Take Time to Relax

Take Time to Relax

Do you like this month’s picture of the pipeliner taking a bubble bath? Is that one of your relaxation methods? An important fatigue countermeasure is taking time for relaxation, recreation, restoration, and renewal. Shift work and working in any job for a pipeline company is both fatiguing and stressful. Long hours of demanding work can have negative effects on our health, and there are numerous studies that demonstrate the health benefits of relaxation techniques.

Scarlet Knight, one of our consultants, recommends that each of us choose methods that meet our needs and that we find helpful individually. These are some practices we suggest in our fatigue training sessions:

  • Stretching
  • Massage
  • Napping
  • Deep breathing
  • Progressive muscle relaxation
  • Leisurely walking
  • Time outdoors
  • Meditation
  • Prayer
  • Listening to music
  • Singing, whistling, yodeling

You could also consider the practices of yoga, tai chi, and qigong. When I was in China in 2010, it was common to see large groups of people in parks every morning doing tai chi. Perhaps people in a control room could do some rhythmic movement together during a shift. I once saw three controllers on night shift stand up, turn on some music, and dance for a few minutes. Would you do that? There is an immediate effect on alertness, mood, and blood flow.

I find it difficult to relax, even though I know it is important. Someone told me once that I think too much, and should think less to relax more. Some things I am finding helpful are stretching, getting a massage about once a month, napping, using the swimming pool or Jacuzzi in the hotels where we stay an hour or so before bedtime, sitting outside without any electronic devices, listening to music, and singing. I am not patient enough for meditation and progressive muscle relaxation. It might be a good idea to try a bubble bath occasionally!

“What’s The Best Way to Take a Nap?” (Wall Street Journal 9-19-17 Heidi Mitchell): This article quotes Dr. David Dinges on ways to optimize napping. He says, “Being awake is like carrying a bag of bricks on your back. The longer you are awake, the more bricks you add. When you take a nap, you remove some of those bricks.”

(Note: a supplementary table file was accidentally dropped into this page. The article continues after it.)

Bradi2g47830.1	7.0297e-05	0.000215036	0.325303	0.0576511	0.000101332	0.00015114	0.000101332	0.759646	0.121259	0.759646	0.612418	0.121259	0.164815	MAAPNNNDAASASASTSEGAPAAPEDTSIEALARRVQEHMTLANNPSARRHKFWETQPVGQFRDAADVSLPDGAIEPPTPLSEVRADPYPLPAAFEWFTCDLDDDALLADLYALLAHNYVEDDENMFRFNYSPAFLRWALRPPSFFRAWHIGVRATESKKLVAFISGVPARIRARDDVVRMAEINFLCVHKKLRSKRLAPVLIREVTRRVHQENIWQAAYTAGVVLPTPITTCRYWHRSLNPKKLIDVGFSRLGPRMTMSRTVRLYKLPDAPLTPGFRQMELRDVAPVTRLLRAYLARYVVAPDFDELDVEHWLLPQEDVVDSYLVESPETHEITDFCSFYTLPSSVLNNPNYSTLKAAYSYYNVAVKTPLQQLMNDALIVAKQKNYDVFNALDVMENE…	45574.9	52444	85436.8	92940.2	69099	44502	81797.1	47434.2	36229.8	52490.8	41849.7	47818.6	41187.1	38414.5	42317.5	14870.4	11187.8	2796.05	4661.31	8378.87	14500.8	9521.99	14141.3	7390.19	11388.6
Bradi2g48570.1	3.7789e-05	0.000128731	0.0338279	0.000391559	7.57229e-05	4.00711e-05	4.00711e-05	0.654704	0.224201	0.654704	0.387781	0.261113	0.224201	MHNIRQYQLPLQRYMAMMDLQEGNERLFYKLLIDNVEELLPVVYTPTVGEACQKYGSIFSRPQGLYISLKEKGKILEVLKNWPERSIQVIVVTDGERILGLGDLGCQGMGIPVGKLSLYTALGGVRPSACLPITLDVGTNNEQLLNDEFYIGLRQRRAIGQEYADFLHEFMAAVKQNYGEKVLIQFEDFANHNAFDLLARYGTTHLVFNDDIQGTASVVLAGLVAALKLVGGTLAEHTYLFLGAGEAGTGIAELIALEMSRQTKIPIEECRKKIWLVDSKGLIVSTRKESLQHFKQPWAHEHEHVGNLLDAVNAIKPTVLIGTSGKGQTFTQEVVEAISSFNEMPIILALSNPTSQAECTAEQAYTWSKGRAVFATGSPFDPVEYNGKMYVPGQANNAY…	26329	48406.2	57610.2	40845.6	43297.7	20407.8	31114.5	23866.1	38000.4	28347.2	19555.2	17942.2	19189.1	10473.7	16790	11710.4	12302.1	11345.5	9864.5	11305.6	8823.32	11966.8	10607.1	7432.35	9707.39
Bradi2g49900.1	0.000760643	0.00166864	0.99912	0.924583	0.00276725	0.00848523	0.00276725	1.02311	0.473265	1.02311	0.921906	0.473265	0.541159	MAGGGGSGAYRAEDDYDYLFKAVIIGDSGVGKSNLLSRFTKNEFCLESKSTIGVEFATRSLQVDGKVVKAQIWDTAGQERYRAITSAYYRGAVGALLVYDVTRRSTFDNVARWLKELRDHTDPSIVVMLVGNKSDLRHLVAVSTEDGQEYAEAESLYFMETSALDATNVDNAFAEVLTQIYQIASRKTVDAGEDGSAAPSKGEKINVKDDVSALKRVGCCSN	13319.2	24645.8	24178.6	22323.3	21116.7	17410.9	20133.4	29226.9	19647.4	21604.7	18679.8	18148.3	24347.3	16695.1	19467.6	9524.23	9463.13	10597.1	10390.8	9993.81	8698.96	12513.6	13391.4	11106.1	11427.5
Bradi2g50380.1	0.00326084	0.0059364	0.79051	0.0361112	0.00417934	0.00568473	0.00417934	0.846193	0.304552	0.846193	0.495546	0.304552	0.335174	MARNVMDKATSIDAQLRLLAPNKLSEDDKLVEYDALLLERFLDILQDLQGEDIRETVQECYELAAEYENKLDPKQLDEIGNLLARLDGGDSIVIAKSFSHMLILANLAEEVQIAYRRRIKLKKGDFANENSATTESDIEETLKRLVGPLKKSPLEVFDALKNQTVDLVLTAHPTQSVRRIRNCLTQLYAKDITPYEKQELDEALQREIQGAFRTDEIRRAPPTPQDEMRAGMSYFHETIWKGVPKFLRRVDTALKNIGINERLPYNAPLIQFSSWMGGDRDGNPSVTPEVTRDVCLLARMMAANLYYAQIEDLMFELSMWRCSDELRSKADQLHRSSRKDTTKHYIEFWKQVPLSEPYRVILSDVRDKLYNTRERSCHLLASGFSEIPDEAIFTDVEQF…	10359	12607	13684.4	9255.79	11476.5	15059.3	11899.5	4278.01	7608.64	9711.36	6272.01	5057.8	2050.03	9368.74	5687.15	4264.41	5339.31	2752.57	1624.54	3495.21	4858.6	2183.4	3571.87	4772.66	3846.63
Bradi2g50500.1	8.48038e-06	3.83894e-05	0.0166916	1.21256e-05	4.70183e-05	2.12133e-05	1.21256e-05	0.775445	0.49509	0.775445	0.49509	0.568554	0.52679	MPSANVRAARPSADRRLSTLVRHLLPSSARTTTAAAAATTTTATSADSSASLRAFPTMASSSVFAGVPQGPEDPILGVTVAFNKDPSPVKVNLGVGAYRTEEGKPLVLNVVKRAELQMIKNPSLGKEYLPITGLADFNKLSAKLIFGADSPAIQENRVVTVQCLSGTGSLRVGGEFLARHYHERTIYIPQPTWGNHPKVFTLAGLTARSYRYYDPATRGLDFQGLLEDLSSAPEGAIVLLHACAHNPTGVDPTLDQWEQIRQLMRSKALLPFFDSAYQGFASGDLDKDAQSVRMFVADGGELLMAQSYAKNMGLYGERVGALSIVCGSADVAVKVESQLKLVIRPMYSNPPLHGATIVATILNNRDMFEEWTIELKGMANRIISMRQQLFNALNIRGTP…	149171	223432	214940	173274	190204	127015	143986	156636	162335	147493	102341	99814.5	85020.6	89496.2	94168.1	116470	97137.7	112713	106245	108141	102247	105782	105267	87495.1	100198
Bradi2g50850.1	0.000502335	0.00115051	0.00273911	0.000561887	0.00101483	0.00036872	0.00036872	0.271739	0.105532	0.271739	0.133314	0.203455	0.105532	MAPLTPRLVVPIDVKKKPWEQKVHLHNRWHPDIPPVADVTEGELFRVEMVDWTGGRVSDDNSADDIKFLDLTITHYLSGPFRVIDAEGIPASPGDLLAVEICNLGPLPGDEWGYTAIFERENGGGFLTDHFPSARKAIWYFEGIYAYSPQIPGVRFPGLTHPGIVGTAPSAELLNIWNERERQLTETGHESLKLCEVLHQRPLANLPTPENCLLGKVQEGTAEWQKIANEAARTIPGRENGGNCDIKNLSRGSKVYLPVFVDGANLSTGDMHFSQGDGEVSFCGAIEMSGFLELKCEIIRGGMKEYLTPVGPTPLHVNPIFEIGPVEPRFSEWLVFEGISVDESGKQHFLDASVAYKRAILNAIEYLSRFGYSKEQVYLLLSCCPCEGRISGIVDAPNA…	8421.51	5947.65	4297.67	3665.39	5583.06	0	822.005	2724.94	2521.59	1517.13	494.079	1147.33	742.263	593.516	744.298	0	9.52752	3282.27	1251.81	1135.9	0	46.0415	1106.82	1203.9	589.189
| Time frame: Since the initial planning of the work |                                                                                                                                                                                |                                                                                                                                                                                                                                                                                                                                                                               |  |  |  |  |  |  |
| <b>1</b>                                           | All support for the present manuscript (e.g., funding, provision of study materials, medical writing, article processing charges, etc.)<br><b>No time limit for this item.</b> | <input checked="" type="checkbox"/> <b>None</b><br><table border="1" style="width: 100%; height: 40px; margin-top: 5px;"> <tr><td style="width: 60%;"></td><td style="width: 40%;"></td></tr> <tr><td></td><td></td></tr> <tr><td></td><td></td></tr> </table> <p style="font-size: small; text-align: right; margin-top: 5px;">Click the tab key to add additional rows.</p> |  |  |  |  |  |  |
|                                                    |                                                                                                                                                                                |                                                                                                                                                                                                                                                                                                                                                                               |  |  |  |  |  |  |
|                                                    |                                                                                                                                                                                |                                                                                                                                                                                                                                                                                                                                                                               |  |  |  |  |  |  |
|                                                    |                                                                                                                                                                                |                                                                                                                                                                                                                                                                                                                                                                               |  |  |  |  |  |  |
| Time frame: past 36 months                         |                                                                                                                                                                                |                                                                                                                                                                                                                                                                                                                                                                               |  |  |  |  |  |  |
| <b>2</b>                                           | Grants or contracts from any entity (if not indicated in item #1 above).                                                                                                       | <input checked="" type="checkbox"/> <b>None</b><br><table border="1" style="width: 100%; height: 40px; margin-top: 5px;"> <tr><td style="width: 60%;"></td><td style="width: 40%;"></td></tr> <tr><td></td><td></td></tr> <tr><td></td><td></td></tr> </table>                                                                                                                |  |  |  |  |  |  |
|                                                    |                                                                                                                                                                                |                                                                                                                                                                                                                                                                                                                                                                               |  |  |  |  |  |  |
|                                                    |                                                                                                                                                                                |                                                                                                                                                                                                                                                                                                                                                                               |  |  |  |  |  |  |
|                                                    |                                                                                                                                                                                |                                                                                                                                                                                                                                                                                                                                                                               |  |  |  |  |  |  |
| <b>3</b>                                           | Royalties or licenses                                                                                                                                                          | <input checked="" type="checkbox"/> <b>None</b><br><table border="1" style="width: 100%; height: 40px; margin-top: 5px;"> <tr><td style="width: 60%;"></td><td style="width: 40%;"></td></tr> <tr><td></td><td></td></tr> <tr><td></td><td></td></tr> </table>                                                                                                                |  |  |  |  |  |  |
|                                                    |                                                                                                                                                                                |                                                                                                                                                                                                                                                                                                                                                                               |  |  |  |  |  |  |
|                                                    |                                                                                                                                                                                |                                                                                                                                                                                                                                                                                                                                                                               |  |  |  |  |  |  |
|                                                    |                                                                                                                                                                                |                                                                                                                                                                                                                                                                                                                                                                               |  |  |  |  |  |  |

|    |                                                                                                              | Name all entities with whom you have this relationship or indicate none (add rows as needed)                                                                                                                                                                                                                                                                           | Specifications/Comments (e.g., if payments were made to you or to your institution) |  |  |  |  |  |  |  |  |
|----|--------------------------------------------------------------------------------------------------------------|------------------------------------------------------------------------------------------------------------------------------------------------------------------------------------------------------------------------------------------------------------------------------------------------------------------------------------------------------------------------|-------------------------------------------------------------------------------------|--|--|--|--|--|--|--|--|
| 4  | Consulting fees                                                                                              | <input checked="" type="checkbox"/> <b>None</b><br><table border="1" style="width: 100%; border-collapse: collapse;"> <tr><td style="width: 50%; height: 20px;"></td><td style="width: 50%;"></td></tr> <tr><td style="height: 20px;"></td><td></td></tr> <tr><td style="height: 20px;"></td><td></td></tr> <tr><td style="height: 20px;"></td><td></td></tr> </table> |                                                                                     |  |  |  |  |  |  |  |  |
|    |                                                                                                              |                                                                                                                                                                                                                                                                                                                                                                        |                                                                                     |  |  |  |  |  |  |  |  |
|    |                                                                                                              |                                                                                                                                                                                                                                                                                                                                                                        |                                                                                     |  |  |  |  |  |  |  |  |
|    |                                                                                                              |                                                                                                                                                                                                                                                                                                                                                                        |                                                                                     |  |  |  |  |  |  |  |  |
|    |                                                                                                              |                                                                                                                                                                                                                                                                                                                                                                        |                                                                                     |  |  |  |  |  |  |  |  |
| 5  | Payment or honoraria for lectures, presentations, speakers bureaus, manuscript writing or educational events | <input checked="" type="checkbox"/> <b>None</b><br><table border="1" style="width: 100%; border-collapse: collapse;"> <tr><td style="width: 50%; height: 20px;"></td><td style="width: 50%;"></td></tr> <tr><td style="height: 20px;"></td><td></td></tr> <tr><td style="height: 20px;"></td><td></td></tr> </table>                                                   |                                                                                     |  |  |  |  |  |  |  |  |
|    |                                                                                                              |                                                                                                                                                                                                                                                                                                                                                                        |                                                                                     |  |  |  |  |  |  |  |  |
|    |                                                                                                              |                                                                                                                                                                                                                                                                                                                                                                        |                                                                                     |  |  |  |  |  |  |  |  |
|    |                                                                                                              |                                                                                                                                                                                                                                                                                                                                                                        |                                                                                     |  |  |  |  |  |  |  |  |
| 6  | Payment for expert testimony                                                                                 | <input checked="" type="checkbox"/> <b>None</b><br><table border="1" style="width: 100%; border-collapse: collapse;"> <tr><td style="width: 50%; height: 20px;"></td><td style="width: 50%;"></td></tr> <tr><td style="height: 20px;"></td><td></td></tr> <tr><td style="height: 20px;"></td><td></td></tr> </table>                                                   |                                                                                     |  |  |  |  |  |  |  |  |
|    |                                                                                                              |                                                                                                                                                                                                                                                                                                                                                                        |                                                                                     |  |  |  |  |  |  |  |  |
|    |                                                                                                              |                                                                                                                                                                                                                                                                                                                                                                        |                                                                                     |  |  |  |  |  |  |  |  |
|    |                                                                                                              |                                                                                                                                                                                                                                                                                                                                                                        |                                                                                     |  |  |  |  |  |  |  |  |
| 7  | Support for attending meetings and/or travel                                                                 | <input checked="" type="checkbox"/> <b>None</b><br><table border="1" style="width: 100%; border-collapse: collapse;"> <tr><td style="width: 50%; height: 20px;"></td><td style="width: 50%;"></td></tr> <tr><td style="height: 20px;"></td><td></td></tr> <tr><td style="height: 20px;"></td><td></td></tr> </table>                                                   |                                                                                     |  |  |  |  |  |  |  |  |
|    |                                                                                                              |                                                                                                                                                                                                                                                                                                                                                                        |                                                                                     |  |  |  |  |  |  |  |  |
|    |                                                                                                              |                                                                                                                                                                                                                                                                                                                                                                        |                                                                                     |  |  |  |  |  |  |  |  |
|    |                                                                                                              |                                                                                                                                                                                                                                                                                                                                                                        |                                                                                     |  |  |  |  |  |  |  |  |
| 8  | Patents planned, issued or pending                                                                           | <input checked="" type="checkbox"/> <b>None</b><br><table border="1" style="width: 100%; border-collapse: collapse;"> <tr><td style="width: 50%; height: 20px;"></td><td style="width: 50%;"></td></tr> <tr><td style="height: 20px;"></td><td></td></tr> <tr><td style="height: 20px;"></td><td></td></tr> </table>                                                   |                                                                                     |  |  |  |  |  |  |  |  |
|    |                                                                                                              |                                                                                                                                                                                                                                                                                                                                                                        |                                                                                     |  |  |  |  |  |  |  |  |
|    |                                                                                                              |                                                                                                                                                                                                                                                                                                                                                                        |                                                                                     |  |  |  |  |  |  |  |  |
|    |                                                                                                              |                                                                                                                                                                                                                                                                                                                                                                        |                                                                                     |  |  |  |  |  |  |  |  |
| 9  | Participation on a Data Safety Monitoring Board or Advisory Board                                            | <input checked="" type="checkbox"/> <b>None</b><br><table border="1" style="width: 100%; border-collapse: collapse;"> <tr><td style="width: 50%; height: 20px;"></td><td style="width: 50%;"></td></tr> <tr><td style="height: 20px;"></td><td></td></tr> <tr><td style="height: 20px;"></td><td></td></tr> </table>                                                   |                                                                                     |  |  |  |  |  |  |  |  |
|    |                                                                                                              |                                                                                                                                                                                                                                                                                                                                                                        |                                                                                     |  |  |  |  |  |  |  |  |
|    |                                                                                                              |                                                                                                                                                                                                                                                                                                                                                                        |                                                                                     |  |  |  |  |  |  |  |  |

Humans are programmed to sleep at night, and to take a nap in the midafternoon. To make the most of this biological need and to use it for relaxation and restoration:

  • Don’t overthink it
  • Find a cool, dark, quiet place to lie down or put your head down
  • Put your electronics away
  • Set an alarm so you nap between 15 and 60 minutes
  • To alleviate post-nap sleep inertia, have a cup of coffee

What Happens When You Quit Drinking?” (Atlanta Journal-Constitution 9-12-17 Rose Kennedy): The staff of New Scientist gave up liquor for one month and their ratings of sleep quality went up almost 10%. Other benefits were reduced liver fat, lower cholesterol, and weight loss. The negative result was that participants reported less social contact. Kevin Donahue, an editor of Men’s Health, also abstained from alcohol for 30 days. He reported, “Alcohol messed with my sleep. It tends to wake me in the early morning and I don’t sleep deeply again till just before dawn. It doesn’t seem like much of a disruption, but I could feel it the morning.”

Based on those articles, napping might be a positive relaxation method, and drinking alcohol might not be a great way to relax. Happy Thanksgiving!


MANAGING FATIGUE EDUCATIONAL PROGRAM | Charles Alday © 2017 Please Distribute to Others.

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